Since coming into force on 6th October 2010, “section 38” has become one of the most common charges in Scottish criminal law, if not the most common. It has effectively replaced the crime of breach of the peace (although breach of the peace still exists), given the significant degree of overlap between the two. Indeed, it is commonly referred to as “statutory breach of the peace”.
s38 was designed to close what was regarded as a loophole in the law relating to the public element of breach of the peace. In other words, disorderly (but not necessarily physically violent) behaviour taking place in private would not be covered by breach of the peace. As such behaviour was perceived to be an important element of domestic abuse, the Scottish Parliament intended s38 to make sure that the perpetrators of such abuse could be safely convicted. The press reports from the time were clear on this point:
From the terms of the statute at the top of the page, we can see that a s38 offence has the following elements:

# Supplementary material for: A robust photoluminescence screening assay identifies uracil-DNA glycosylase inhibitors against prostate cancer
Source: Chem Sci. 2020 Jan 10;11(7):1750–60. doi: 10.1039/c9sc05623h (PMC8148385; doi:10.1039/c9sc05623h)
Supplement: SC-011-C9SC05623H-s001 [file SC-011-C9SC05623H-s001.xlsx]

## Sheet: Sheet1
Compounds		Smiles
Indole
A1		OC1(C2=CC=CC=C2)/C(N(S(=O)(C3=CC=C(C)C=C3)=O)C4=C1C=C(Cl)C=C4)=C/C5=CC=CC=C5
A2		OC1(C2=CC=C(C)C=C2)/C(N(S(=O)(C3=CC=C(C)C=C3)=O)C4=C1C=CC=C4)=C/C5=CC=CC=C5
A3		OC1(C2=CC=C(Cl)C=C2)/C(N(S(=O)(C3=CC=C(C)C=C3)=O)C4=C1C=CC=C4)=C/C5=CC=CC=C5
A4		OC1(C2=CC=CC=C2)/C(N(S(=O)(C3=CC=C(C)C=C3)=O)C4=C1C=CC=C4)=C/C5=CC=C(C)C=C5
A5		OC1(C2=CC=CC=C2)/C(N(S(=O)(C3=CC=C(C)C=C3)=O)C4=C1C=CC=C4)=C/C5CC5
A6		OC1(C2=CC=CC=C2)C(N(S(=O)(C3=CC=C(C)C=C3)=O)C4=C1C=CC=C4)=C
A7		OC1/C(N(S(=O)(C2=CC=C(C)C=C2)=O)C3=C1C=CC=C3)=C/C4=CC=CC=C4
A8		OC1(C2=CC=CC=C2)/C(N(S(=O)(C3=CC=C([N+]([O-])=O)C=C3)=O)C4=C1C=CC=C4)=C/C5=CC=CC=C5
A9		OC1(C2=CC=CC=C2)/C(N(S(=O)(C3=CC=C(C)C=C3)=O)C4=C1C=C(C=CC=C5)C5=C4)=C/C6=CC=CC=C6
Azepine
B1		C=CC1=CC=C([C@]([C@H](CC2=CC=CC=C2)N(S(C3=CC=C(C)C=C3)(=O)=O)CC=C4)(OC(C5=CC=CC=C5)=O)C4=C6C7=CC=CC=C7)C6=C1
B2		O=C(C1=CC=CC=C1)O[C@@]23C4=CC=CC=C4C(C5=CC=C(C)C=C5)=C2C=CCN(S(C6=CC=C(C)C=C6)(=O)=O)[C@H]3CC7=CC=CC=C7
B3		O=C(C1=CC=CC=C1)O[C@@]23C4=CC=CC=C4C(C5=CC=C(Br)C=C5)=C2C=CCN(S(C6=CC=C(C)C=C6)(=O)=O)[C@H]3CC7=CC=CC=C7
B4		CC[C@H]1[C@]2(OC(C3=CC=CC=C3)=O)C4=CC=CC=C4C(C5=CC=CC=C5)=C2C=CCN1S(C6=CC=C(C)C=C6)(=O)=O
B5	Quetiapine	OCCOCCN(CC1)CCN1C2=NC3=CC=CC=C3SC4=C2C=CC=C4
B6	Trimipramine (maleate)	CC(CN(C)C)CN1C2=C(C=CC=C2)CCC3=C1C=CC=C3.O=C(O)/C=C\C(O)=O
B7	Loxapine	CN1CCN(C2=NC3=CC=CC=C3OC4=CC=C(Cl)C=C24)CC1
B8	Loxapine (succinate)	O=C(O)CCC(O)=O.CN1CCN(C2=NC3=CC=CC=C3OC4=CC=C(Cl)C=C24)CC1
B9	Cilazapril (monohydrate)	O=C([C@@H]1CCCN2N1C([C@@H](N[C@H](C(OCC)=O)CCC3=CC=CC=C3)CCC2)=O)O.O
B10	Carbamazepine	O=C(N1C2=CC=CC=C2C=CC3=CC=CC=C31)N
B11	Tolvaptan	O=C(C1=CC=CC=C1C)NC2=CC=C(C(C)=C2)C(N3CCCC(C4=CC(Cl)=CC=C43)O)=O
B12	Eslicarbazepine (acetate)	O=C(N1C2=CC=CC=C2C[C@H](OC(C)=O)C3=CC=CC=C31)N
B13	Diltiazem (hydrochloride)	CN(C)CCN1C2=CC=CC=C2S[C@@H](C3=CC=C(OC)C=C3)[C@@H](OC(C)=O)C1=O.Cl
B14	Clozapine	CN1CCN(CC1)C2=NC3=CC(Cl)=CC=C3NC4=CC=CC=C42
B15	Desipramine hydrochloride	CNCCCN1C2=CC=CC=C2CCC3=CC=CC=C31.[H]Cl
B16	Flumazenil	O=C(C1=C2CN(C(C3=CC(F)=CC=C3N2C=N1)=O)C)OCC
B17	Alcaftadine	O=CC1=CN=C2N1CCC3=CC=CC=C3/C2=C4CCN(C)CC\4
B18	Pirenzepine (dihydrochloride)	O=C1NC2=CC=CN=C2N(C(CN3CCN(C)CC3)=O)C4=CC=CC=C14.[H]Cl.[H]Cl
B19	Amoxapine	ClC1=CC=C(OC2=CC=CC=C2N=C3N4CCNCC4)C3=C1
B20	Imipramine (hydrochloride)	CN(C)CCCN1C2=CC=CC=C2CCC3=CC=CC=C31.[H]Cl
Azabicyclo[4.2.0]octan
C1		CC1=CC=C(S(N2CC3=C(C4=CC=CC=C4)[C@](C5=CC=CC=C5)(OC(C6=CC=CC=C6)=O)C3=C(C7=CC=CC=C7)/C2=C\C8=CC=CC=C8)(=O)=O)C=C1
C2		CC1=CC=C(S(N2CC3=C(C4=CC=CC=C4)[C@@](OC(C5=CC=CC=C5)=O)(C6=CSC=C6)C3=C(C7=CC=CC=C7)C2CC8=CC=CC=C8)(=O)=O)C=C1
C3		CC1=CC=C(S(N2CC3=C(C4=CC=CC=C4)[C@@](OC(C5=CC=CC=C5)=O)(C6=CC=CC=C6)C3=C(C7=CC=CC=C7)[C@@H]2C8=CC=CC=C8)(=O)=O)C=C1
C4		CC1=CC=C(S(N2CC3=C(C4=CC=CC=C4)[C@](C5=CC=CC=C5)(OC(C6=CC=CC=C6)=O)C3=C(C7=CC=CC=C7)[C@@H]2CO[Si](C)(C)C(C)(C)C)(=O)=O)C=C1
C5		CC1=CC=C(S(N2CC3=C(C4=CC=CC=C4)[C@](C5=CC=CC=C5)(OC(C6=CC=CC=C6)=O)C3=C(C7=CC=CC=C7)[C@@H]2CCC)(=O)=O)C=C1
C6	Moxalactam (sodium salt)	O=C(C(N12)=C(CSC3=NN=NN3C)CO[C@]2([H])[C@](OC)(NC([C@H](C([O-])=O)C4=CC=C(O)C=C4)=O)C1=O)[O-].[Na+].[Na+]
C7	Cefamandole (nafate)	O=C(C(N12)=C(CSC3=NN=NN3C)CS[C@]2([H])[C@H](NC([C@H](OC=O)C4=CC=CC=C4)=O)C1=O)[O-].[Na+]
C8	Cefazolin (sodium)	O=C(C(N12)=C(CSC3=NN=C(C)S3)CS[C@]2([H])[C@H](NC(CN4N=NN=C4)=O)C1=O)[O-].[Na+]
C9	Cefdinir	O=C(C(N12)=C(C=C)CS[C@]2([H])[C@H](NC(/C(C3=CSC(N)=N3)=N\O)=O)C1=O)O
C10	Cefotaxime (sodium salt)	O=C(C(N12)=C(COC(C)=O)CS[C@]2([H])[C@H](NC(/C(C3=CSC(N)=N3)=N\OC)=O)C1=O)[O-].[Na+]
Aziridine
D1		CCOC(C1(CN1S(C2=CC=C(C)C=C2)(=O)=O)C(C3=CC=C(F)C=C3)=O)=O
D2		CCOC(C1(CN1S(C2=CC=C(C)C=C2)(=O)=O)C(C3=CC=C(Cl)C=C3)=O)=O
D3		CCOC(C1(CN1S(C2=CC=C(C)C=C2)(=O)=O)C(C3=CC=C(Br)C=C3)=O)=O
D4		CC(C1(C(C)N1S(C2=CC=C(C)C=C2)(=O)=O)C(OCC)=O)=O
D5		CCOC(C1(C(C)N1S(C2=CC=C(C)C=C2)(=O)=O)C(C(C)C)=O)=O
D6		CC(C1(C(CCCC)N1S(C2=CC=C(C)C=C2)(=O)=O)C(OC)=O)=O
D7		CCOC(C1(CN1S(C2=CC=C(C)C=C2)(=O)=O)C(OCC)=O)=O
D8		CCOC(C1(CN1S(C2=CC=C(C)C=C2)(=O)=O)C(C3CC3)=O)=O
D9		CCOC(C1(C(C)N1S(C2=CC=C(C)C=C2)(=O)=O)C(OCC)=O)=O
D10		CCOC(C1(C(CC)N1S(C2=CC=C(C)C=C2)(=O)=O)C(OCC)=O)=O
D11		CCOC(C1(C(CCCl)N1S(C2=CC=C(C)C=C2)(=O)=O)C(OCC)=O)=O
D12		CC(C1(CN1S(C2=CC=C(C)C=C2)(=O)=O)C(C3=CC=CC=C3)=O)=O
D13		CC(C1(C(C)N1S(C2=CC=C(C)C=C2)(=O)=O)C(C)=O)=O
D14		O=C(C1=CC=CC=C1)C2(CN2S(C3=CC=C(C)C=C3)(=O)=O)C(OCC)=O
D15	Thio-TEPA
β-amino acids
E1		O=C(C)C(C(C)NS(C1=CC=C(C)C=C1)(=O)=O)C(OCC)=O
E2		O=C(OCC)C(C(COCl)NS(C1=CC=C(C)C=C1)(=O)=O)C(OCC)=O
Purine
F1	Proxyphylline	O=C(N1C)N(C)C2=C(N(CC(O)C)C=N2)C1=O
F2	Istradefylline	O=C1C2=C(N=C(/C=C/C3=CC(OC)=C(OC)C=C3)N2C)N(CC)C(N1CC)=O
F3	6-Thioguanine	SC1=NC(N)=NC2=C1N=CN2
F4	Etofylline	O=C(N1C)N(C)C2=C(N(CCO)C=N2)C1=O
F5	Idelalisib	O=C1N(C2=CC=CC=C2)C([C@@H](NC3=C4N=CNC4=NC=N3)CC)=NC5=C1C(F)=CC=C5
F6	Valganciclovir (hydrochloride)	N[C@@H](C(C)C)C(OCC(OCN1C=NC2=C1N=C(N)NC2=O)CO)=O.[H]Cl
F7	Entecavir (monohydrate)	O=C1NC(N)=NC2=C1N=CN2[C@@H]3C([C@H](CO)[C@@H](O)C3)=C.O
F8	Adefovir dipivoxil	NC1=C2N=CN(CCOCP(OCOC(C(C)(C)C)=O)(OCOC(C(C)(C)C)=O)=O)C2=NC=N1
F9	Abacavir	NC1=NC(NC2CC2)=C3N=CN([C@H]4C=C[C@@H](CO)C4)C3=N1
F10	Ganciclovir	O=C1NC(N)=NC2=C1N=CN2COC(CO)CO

“threatening or abusive behaviour”
As with breach of the peace, there is a vast range of actions that could be threatening or abusive in any given context.
The behaviour only needs to be threatening or abusive, not both. What constitutes a “threat” or “abuse” depends on the particular circumstances of the case.
s38(3)(a) makes it clear that the actus reus of this offences is “behaviour of any kind including, in particular, things said or otherwise communicated as well as things done”. So, words alone (spoken or written) could be enough. For example, I have represented people charged with s38 offences for sending false bomb threat letters to schools and to the operator of the Forth Road Bridge.
s38(3)(b) says that the behaviour in question can either be a single act (e.g. shouting and swearing aggressively at one’s partner during a single argument) or a course of conduct (e.g. sending several threatening letters over the course of various days or weeks).
“likely to cause a reasonable person to suffer fear or alarm”
“Fear or alarm” means that only one of the two is required, not both. “Alarm” suggests more than mere surprise at the behaviour; an element of concern is implied.